Not to be confused with minimum wage. This setup often puts the workers in a poverty trap from which is basically impossible to get out of.

And let us not forget the health risks for those working in the fields with toxic pesticides or with carcinogenic dyes or treatments like for example chromium which can cause lung cancer, stomach ulcers and anaemia.

The lands around the factories also get poisoned and those who are affected by that are often those who work there. The Daily Mail revealed tanneries in Dhaka dumping 22,000 litres of toxic waste into the Buriganga – every day.

Deaths in the fast fashion industry is unfortunately not a rare occasion.

Rana Plaza Collapse

On 24 April 2013, the garment factory Rana Plaza building in Dhaka, Bangladesh collapsed. 1,138 people died and another 2,500 were injured, making it the fourth largest industrial disaster and the deadliest garment-factory incident in history.

There were 5 garment factories in the building all manufacturing clothing for 31 big global brands.

The majority of these multibillion dollar companies were extremely resilient to together donate a total of $30 million for the victim’s families. An amount that took 2 years to reach. Comparing that to the €300 million pledge for the rebuilding of Notre Dame by two fashion billionaires within a day of the fire makes one ashamed of humanity.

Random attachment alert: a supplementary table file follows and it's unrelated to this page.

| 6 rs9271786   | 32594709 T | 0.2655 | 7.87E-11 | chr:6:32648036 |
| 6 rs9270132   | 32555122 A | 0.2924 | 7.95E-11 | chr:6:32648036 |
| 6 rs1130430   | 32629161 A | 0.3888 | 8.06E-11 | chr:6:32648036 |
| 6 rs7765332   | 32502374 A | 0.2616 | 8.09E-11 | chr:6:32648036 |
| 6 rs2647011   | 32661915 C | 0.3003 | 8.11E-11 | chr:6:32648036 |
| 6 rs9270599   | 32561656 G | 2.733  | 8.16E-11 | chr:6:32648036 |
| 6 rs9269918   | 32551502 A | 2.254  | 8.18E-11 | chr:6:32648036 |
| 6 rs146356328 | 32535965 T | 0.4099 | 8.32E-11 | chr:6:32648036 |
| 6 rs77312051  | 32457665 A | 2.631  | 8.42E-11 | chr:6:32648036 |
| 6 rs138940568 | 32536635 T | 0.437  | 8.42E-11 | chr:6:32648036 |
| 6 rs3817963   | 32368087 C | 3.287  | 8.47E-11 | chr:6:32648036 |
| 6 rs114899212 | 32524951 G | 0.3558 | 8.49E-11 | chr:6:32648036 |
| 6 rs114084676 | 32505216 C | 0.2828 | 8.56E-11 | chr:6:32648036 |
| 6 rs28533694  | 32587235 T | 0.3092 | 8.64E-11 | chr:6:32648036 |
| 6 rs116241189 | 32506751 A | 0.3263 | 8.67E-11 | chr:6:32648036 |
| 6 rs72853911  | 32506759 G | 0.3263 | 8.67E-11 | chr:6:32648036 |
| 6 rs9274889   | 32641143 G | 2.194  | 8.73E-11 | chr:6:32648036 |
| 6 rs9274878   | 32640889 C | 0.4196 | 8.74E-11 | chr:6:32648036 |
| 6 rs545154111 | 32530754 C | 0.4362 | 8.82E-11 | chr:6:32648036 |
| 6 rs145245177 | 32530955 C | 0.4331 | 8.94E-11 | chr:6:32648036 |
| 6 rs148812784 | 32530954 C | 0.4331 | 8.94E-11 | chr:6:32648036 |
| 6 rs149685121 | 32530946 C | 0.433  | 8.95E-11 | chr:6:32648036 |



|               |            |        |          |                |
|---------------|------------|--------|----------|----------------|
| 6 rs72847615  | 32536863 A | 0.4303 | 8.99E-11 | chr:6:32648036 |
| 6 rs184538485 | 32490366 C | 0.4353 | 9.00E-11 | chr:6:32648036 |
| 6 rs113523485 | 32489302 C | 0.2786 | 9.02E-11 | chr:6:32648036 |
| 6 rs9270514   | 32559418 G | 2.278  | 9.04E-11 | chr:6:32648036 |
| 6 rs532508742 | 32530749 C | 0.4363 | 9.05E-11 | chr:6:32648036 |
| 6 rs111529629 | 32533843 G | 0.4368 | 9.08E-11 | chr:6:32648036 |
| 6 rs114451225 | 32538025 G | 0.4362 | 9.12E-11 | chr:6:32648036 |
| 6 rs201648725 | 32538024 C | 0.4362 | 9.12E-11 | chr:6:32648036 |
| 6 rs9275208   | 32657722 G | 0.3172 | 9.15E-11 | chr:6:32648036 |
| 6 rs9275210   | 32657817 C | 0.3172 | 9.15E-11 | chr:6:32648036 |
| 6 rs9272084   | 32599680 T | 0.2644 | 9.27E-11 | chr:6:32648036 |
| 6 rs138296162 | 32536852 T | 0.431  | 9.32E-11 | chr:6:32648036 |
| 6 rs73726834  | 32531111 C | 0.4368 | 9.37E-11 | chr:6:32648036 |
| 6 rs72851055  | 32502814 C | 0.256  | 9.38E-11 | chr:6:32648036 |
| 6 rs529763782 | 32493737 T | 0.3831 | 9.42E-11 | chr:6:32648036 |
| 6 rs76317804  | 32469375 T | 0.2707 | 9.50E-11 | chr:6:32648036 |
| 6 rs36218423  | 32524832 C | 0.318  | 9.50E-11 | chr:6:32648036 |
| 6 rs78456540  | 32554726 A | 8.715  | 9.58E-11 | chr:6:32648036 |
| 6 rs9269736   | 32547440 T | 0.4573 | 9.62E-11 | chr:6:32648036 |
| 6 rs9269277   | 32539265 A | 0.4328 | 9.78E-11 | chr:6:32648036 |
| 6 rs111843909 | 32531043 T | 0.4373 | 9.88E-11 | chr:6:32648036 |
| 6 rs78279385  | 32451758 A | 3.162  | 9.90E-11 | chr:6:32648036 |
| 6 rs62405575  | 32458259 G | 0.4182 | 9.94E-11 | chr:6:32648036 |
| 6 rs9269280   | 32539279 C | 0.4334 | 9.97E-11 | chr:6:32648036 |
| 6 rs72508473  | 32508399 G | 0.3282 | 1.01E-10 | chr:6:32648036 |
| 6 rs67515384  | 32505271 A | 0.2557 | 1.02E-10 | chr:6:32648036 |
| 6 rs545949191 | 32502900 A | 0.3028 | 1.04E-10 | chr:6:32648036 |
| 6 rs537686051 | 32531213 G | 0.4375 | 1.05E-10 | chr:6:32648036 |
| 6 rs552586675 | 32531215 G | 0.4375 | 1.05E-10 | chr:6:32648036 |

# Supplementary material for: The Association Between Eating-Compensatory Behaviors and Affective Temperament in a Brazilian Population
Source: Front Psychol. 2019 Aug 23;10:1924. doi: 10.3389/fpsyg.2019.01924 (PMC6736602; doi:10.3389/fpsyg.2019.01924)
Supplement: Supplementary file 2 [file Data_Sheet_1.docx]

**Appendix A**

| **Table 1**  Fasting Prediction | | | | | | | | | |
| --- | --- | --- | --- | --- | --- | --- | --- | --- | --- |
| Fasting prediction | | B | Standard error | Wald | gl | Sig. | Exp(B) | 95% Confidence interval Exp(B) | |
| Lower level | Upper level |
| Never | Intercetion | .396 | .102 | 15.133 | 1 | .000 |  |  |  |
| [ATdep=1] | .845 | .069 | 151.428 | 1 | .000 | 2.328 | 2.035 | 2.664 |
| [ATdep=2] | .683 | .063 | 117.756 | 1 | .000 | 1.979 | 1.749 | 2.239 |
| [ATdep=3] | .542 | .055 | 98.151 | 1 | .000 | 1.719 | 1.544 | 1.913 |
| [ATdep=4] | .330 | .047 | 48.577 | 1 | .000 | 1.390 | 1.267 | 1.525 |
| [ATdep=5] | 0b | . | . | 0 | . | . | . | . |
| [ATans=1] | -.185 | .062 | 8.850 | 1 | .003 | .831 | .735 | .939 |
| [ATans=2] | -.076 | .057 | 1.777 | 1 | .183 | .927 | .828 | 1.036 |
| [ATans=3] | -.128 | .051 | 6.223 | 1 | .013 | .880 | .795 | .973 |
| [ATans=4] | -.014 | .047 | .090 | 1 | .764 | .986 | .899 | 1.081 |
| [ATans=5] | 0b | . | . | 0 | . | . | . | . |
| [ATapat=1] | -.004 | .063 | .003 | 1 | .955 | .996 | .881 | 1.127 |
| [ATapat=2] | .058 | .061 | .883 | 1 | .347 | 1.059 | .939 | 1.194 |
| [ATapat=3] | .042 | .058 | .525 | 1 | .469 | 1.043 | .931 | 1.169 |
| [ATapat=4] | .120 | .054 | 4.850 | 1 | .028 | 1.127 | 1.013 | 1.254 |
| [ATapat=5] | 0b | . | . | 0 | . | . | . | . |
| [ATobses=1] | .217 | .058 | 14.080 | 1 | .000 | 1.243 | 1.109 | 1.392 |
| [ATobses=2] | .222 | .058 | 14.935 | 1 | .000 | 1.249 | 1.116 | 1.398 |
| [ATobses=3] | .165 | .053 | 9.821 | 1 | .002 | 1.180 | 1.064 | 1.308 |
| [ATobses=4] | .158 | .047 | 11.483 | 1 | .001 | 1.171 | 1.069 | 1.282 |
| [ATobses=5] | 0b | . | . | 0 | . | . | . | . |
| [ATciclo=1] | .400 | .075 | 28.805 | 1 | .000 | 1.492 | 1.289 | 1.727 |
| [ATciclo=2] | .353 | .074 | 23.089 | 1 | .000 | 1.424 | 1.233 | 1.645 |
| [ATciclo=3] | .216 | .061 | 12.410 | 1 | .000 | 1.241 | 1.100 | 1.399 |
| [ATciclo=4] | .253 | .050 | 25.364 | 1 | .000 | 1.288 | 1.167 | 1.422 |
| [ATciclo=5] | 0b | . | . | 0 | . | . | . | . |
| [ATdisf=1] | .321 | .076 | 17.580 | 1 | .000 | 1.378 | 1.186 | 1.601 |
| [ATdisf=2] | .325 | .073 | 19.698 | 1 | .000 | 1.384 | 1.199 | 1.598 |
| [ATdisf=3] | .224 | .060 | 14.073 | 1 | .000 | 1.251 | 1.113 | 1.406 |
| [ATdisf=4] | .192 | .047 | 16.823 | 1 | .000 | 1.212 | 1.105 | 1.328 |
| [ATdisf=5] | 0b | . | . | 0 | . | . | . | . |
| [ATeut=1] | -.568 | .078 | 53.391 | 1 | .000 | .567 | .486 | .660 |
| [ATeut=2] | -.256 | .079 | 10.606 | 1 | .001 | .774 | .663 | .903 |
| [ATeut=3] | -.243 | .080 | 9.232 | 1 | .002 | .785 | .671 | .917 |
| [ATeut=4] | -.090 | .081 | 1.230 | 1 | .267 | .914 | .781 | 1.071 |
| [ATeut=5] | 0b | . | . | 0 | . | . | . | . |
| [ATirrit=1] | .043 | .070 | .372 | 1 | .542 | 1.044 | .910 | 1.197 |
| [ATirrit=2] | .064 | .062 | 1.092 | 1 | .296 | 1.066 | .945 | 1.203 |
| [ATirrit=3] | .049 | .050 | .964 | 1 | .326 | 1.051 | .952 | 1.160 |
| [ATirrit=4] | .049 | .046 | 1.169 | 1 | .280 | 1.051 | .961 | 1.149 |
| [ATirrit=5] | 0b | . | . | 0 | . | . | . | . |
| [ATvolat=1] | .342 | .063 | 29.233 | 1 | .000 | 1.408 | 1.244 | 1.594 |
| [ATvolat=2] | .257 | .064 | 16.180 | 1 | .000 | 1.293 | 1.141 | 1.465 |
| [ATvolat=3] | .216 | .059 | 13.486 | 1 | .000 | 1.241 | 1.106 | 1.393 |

Some of the clothings brands that are still to have donated any money to the ones who suffered from the disaster are Carrefour(French), NKD(German), J.C. Penny(American) and PWT(Danish).

Source: rijans Flickr CC

So how do we stop this?

First of all, we stop funding the companies doing this. We need to stop buying products by the brands responsible for this inhumane model of business.

I know this might seem bleak and seem hopeless, but there are more than plenty option to how we can solve this.

Some of the topics I will dig deeper into in this series is:

  • Second hand
  • Renting
  • Mending and repairing
  • Upcycling
  • Materials
  • Accessibility

This and much more to come the following weeks.

If you want to learn more while you wait for the next posts, I recommend you to watch the eye-opening documentary The True Cost. It’s available on Netflix or to download on their website TrueCostMovie.com

Photo by: Caroline Franksjö

This post was written by our blogger Evelina Utterdahl. You can read more about her here

sources:

Investopedia

Documentary film The True Cost by Andrew Morgan

Fashion Revolution

Podcast “Slow Fashion” by Johanna Nilsson

World Resources Institute

Rana Plaza Agreement

The Daily Mail

Supporting Efficient Cookstoves in Rwanda

Gold Standard

We have now offset another 20,000 ton CO2eq in a Gold Standard certified project!

By distributing cookstove technology to communities in Rwanda, this project benefits the environment by significantly reducing CO2 intense fuel consumption. Health conditions inside homes are improved due to the presence of less indoor smoke, and families can spend less time collecting wood fuel and more time with their families.